Uighur are natives of Xinjiang province of China who are Muslims and regard themselves as culturally and ethnically close to Central Asian nations. Xinjiang province has been under the control of China since it was annexed in 1949 and many Uighurs still identify their homeland by its previous name, East Turkestan. There are around 11 million Uighurs in Xinjiang and China claims that Uighurs hold extremist views that are a threat to national security.
In 2017, the Xinjiang government passed a law prohibiting men from growing long beards and women from wearing veils and dozens of mosques were also demolished.
As per the report of UN Committee on the Elimination of Racial Descrimination, the Chinese government has detained at least one million Uighurs in the detention camps in Xinjiang, China. After denying the existence of the camps for a long time, when the photos of the camps emerged, the Chinese government called them “re-education centres'' for Uighurs though the former detainees said they were detained, interrogated and beaten because of their religion, and not “re-educated.”
In July 2019 to the U.N. Human Right Council, 22 countries, mainly European countries, responded to “disturbing reports of large scale arbitrary detentions of Uighurs” and condemned the Chinese leadership.
Four days later, 37 countries, defended China’s “remarkable achievements in the field of human rights” by protecting the country from “terrorism, separatism and religious extremism.” The list of the 37 countries also included Muslim-majority countries like Saudi Arabia, Pakistan, Egypt, Qatar etc.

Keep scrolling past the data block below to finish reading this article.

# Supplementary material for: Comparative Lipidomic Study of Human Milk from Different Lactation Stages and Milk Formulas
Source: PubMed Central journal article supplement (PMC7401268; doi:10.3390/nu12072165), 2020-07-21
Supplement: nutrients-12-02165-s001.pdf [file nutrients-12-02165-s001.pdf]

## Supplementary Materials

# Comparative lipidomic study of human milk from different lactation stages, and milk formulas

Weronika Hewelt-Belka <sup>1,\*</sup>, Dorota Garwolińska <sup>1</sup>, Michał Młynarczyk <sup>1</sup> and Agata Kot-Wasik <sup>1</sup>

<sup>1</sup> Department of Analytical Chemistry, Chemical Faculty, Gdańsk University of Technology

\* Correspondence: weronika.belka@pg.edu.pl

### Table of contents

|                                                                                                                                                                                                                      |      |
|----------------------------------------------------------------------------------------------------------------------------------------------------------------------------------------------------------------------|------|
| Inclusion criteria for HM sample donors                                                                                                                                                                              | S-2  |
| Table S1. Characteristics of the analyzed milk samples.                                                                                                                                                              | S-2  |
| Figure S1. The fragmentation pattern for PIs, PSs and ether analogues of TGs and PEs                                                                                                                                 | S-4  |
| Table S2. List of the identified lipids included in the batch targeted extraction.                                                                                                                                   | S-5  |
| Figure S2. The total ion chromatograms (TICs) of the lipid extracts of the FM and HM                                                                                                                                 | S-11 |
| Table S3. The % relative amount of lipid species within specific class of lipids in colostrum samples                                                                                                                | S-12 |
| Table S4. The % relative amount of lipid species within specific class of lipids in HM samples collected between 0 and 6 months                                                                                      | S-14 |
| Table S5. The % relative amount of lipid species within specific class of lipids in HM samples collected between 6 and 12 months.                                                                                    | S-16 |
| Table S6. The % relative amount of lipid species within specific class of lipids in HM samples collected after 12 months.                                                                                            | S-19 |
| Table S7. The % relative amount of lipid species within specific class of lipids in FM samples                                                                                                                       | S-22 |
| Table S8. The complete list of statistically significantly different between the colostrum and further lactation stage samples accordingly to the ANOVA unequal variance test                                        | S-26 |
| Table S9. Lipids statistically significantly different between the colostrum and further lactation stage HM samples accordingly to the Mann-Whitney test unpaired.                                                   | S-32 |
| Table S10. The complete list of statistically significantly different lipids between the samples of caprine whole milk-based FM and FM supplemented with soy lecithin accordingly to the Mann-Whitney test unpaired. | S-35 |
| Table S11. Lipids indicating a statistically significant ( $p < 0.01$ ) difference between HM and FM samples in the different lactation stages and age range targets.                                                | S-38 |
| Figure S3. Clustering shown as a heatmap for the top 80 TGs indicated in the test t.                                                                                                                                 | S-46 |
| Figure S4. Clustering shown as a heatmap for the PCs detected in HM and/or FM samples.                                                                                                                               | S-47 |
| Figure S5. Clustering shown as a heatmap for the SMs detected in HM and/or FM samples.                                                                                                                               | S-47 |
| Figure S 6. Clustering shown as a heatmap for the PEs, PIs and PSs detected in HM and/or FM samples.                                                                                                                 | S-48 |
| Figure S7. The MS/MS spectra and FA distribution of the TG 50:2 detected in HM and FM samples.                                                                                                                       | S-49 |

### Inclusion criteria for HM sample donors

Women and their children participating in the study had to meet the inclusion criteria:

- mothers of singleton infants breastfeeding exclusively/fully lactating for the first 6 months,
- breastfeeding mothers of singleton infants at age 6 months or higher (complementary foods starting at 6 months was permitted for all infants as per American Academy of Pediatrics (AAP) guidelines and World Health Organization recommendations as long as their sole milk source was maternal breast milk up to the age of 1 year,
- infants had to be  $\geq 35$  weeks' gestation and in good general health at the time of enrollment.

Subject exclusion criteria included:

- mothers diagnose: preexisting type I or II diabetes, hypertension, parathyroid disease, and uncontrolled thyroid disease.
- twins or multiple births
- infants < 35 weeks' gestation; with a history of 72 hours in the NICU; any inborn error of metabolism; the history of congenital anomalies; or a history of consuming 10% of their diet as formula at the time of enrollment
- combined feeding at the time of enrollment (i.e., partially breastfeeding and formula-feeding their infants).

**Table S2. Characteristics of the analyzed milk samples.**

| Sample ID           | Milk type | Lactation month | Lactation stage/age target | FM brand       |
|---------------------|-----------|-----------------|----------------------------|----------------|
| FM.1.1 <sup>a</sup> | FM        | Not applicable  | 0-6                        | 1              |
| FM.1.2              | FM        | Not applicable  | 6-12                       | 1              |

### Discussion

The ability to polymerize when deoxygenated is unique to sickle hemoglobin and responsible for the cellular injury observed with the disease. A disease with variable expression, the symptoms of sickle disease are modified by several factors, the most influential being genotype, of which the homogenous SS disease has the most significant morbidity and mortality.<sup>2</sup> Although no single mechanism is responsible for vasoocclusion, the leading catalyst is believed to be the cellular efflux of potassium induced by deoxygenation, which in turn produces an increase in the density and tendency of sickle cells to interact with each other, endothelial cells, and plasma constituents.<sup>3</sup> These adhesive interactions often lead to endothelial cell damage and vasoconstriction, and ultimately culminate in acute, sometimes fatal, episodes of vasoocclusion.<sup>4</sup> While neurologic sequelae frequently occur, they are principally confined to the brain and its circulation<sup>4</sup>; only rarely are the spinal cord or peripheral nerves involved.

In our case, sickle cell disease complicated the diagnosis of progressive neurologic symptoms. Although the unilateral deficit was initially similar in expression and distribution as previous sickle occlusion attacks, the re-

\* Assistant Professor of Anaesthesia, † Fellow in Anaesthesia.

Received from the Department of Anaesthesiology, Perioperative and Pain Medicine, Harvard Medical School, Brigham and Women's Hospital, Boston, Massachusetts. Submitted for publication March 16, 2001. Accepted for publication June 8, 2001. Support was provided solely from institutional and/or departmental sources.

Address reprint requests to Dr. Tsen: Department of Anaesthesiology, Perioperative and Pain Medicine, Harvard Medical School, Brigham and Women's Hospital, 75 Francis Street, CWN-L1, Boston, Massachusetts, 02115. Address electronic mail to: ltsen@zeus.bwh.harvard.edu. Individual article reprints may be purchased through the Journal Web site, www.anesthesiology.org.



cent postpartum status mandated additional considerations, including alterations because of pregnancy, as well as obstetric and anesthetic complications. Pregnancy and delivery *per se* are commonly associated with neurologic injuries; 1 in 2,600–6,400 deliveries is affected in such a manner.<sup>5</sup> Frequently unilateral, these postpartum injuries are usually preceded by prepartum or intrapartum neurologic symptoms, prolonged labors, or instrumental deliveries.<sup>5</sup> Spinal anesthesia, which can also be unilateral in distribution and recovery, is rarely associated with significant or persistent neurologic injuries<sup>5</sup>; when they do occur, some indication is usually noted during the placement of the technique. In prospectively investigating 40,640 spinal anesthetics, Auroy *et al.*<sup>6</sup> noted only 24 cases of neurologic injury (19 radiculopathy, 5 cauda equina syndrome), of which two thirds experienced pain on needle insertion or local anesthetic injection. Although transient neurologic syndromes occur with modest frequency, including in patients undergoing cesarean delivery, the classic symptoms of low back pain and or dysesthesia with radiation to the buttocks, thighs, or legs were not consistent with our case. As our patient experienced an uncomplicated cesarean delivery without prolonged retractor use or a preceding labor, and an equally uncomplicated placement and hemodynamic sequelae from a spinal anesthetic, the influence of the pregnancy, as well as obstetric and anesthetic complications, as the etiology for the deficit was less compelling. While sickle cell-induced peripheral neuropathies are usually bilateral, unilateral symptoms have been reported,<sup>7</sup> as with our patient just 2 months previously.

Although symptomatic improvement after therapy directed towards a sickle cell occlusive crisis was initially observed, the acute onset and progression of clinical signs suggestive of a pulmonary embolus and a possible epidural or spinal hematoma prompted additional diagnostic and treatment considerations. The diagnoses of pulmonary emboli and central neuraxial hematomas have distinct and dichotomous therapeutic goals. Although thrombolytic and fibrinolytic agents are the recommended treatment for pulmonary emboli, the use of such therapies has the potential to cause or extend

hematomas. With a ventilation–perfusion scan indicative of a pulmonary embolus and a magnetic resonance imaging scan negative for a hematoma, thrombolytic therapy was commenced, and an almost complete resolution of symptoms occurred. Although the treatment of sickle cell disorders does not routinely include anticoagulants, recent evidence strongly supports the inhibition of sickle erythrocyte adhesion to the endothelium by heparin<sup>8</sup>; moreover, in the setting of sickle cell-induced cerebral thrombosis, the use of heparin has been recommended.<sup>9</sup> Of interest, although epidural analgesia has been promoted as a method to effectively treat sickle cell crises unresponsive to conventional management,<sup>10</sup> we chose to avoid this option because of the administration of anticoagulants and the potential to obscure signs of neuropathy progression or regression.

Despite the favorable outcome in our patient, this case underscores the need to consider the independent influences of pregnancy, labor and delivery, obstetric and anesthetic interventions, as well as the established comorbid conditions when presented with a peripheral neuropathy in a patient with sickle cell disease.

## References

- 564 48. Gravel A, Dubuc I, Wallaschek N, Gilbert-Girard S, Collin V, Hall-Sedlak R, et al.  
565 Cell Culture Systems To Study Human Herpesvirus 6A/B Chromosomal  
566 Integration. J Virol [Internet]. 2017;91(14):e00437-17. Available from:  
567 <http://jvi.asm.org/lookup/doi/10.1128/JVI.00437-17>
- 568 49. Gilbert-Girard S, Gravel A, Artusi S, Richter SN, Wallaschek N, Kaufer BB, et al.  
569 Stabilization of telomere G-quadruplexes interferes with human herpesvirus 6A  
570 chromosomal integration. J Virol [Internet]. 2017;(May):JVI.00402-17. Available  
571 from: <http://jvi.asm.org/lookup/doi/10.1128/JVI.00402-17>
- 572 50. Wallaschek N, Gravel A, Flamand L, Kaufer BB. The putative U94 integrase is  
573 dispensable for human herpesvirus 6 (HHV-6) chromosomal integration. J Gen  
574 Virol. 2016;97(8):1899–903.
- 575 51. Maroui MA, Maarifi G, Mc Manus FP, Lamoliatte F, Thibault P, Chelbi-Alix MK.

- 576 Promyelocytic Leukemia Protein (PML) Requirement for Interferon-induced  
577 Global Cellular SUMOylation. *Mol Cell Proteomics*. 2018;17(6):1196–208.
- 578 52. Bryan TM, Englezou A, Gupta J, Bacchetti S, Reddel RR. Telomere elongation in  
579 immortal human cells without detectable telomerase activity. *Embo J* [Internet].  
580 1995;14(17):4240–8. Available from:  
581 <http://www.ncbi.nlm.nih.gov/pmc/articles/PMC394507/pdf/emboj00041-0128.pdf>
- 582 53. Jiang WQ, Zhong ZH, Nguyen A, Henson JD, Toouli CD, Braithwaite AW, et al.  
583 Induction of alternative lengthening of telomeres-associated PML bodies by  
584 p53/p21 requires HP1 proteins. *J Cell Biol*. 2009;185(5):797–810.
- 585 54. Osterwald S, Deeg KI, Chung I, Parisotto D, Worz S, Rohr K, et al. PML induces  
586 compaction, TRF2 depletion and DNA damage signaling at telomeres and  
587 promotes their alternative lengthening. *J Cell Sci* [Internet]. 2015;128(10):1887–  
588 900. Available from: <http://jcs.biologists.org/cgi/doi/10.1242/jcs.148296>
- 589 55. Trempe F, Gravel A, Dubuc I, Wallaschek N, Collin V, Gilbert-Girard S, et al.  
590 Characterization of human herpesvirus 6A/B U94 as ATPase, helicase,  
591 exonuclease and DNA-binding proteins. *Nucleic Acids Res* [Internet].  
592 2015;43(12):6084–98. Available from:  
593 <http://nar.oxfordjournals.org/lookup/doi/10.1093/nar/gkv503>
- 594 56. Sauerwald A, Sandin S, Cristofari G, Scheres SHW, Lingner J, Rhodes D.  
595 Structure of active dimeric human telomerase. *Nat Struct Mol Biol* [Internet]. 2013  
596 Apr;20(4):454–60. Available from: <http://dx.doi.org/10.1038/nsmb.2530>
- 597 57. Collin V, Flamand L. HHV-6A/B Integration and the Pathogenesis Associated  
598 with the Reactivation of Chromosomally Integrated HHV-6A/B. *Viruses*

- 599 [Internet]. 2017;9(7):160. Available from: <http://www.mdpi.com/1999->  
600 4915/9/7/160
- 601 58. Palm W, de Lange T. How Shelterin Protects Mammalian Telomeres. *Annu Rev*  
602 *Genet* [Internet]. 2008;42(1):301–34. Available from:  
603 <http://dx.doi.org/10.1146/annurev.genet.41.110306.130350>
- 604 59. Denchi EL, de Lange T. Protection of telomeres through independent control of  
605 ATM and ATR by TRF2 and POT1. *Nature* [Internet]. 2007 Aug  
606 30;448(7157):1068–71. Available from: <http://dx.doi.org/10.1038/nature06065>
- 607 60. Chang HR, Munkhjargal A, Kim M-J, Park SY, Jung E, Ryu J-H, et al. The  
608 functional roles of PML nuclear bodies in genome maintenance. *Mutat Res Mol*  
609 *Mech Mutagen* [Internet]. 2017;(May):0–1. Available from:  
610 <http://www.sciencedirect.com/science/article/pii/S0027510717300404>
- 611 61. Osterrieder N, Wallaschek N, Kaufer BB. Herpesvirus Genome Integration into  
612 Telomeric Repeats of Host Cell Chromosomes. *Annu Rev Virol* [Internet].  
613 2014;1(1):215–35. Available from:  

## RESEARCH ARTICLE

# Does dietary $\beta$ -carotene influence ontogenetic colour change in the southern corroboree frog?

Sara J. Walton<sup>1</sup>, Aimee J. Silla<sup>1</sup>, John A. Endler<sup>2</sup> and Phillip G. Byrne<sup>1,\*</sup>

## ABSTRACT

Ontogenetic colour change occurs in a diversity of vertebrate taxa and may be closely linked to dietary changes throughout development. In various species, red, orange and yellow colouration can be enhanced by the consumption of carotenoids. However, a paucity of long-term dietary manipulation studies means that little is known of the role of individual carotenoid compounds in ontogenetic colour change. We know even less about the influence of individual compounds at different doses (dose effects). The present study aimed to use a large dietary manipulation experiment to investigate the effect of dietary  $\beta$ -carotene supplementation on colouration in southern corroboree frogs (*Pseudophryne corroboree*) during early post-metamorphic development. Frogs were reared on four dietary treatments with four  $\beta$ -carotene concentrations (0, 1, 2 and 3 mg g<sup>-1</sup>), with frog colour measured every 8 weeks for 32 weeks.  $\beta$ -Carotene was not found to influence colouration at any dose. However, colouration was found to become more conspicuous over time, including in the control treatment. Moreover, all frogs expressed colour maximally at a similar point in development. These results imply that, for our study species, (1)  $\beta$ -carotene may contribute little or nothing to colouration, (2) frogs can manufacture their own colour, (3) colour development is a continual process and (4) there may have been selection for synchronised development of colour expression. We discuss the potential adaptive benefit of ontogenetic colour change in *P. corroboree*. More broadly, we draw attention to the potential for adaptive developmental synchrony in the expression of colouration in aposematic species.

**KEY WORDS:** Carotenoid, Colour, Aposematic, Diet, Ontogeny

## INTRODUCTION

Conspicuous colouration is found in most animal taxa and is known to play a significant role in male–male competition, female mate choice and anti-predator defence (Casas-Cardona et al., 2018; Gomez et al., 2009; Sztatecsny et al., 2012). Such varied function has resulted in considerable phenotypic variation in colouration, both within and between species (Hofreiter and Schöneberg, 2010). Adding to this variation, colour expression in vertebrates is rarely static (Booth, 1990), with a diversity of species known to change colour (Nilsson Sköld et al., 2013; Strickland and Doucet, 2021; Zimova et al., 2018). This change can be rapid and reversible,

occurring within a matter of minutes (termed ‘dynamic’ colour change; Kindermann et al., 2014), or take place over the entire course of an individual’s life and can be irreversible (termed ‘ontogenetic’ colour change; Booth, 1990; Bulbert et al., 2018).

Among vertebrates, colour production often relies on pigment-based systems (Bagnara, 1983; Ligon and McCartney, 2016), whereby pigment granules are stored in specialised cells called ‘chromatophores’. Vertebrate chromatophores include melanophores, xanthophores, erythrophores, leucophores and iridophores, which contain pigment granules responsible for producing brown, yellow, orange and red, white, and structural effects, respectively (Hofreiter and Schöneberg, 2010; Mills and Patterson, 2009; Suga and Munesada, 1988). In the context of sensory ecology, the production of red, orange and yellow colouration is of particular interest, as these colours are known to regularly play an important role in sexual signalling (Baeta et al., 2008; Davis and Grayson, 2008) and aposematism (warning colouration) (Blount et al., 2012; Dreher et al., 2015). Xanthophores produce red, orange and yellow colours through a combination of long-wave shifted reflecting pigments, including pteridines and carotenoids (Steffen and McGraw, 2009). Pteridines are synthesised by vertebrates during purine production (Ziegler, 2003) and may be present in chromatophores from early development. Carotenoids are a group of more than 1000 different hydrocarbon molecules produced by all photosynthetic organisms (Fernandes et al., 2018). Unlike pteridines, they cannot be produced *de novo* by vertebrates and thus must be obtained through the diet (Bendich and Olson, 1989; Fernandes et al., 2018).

At the end of October 2019, 23 countries including France, the United Kingdom, United States denounced the repression of the Uighurs at the UN Committee on Social, Humanitarian and Cultural Affairs. Nevertheless, Beijing won the support of 54 countries, who praised the Communist Party’s management of Xinjiang.
In February 2019, Saudi Arabia showed their “respect” for Xi Jinping, the Chinese leader before they signed major commercial contracts with China. Egypt wants Beijing to finance its infrastructure and hence allowed the Chinese police to interrogate Uighur exiles on its soil in 2017. Pakistan, who has talked about the mistreatment of Rohingyas, has been silent on Uighurs since the Chinese Belt and Road Initiative is going on in the country.
Even Iran, who issues occasional criticism wants support from China and hence keeps the criticism coded. “There is a lot of sympathy for the Uighurs in Turkey, but the reality is that Erdogan needs China as an ally for economic reasons and to counteract the West’s diplomatic pressure on issues like Syria,” said Rémi Castets, a political scientist.
In 2017, the Organisation of Islamic Cooperation responded very differently to the Rohingya Crisis (Myanmar’s military crackdown on the country’s Rohingyas), where countries like Saudi Arabia, Iran and Turkey defended the rights of the Muslim minority group in Myanmar and actively condemned the treatment of Rohingyas in the UN Human Rights Council in Geneva.
The question here arises is that contrary to the sentiments of their citizens, why do Muslim states stay silent over China’s abuse of the Uighurs?
Sophie Richardson, the director of China at Human Rights Watch, has a short and simple answer — there is less solidarity for Uighur than Rohingyas or Palestinians because China has managed to win these countries’ support due to its economic might.
Only time will tell how long these countries will continue to give preference to the economic interests over the anti-China sentiments of the citizens.